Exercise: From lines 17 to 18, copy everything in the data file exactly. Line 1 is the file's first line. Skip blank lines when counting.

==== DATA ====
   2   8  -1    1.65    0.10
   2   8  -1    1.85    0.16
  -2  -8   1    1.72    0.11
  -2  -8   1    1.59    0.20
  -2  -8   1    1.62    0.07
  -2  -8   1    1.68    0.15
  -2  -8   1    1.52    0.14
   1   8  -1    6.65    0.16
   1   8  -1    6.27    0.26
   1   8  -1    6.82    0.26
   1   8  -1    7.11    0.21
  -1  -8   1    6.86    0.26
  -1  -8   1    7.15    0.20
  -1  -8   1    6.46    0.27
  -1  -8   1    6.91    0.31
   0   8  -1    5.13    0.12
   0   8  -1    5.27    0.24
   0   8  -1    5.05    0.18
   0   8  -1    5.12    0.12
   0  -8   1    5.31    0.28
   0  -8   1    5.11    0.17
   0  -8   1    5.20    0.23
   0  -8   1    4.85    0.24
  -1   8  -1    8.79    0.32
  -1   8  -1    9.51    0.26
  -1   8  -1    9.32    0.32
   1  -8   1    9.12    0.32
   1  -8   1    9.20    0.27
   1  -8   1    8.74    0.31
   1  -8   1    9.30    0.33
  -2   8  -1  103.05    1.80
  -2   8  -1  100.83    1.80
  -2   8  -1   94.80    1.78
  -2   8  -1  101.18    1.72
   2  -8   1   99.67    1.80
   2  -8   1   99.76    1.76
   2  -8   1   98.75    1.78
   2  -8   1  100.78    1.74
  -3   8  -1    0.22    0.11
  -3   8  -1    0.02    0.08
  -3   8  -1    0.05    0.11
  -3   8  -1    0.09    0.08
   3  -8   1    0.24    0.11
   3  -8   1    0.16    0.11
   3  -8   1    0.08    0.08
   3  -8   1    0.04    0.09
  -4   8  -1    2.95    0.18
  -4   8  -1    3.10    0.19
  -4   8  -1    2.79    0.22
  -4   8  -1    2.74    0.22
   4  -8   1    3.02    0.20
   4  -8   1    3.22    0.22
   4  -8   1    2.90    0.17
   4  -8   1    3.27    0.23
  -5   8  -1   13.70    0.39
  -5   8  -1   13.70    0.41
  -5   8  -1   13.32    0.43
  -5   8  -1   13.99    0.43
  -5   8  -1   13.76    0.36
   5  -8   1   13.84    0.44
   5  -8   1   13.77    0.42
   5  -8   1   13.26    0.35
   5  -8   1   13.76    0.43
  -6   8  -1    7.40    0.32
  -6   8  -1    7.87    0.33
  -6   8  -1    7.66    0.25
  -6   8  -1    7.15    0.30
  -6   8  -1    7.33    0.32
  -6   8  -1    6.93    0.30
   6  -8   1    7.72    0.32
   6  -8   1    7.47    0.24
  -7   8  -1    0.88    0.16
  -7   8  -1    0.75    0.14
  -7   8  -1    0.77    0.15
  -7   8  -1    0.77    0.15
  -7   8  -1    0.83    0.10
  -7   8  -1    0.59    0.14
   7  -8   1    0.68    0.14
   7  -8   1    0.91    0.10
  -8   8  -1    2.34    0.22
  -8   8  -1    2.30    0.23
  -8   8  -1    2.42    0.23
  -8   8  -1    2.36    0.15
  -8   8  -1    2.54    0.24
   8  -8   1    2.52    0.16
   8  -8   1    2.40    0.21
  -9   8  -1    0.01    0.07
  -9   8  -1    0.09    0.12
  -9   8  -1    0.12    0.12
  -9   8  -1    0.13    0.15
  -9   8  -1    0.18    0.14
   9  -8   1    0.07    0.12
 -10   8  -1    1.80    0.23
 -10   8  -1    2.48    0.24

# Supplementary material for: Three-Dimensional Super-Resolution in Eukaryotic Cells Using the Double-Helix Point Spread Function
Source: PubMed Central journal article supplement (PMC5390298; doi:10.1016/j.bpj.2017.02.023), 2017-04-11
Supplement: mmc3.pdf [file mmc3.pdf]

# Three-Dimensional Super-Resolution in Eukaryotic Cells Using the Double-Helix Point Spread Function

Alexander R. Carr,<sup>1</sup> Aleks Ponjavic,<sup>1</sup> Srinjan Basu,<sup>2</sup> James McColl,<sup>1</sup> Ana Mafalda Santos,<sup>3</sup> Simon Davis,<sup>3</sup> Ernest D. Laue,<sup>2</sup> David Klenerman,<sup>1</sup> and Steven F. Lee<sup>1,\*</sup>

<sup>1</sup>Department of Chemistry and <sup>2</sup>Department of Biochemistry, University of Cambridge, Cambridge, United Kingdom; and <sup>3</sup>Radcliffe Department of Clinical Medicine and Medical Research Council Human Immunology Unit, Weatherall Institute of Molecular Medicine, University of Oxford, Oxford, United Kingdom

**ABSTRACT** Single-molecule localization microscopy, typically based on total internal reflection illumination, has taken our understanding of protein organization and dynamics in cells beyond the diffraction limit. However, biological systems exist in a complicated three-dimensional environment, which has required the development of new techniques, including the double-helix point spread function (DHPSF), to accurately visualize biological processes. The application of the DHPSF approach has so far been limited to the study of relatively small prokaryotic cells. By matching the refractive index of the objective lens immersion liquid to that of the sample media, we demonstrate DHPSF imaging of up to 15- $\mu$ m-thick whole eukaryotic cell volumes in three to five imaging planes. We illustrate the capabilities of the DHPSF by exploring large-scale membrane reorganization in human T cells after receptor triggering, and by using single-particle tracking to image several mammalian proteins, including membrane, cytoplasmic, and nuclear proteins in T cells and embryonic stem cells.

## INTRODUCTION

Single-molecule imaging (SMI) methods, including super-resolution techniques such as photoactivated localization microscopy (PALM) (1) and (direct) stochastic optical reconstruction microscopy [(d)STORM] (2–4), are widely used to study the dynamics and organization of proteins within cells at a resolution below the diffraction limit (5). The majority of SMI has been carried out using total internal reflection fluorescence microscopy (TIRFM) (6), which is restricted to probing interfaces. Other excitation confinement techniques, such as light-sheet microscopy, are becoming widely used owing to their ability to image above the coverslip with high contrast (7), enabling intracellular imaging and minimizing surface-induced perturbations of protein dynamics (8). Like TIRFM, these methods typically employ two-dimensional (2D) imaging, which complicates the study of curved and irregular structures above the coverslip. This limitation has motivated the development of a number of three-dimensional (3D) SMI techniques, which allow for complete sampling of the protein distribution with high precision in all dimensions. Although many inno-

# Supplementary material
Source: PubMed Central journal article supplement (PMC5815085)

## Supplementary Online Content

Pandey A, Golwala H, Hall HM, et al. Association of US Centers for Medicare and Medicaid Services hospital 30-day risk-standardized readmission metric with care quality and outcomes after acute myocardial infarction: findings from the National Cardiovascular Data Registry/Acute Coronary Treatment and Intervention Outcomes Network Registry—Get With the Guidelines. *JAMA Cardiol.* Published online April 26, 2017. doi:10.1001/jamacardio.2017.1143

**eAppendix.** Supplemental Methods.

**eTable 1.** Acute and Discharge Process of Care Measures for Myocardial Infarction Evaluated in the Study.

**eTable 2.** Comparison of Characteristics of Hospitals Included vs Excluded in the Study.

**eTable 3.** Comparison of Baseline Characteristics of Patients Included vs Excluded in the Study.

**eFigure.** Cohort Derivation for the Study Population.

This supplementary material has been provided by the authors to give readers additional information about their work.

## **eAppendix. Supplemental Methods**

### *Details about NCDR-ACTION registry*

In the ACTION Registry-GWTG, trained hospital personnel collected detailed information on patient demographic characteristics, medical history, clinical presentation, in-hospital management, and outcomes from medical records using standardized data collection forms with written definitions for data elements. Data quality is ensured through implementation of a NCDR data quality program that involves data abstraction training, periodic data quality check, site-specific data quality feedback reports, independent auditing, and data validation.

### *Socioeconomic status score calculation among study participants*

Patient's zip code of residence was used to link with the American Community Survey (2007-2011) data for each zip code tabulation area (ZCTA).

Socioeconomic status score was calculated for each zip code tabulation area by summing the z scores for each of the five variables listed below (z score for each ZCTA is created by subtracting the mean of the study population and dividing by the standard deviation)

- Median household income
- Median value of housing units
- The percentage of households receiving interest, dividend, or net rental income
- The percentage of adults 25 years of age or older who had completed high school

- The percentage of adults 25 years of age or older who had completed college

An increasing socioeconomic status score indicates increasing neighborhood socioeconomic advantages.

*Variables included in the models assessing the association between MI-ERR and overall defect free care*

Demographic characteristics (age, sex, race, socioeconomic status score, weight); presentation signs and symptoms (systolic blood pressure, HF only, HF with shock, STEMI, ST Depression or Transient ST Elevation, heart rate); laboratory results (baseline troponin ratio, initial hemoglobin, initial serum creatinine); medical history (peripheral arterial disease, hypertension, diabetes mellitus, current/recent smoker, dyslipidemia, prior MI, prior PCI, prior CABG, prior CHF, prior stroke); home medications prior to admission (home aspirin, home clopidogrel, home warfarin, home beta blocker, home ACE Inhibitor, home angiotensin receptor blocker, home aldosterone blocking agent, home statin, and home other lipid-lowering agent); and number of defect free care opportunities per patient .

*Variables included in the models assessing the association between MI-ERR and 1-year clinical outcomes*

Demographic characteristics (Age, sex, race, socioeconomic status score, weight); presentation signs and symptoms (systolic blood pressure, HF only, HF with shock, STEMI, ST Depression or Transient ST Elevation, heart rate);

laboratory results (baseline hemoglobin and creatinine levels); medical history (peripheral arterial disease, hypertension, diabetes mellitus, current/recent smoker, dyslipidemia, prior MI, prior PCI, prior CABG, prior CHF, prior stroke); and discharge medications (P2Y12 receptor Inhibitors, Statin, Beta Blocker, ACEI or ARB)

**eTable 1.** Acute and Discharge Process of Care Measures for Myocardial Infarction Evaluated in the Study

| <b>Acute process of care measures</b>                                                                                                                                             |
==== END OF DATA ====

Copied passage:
   0   8  -1    5.27    0.24
   0   8  -1    5.05    0.18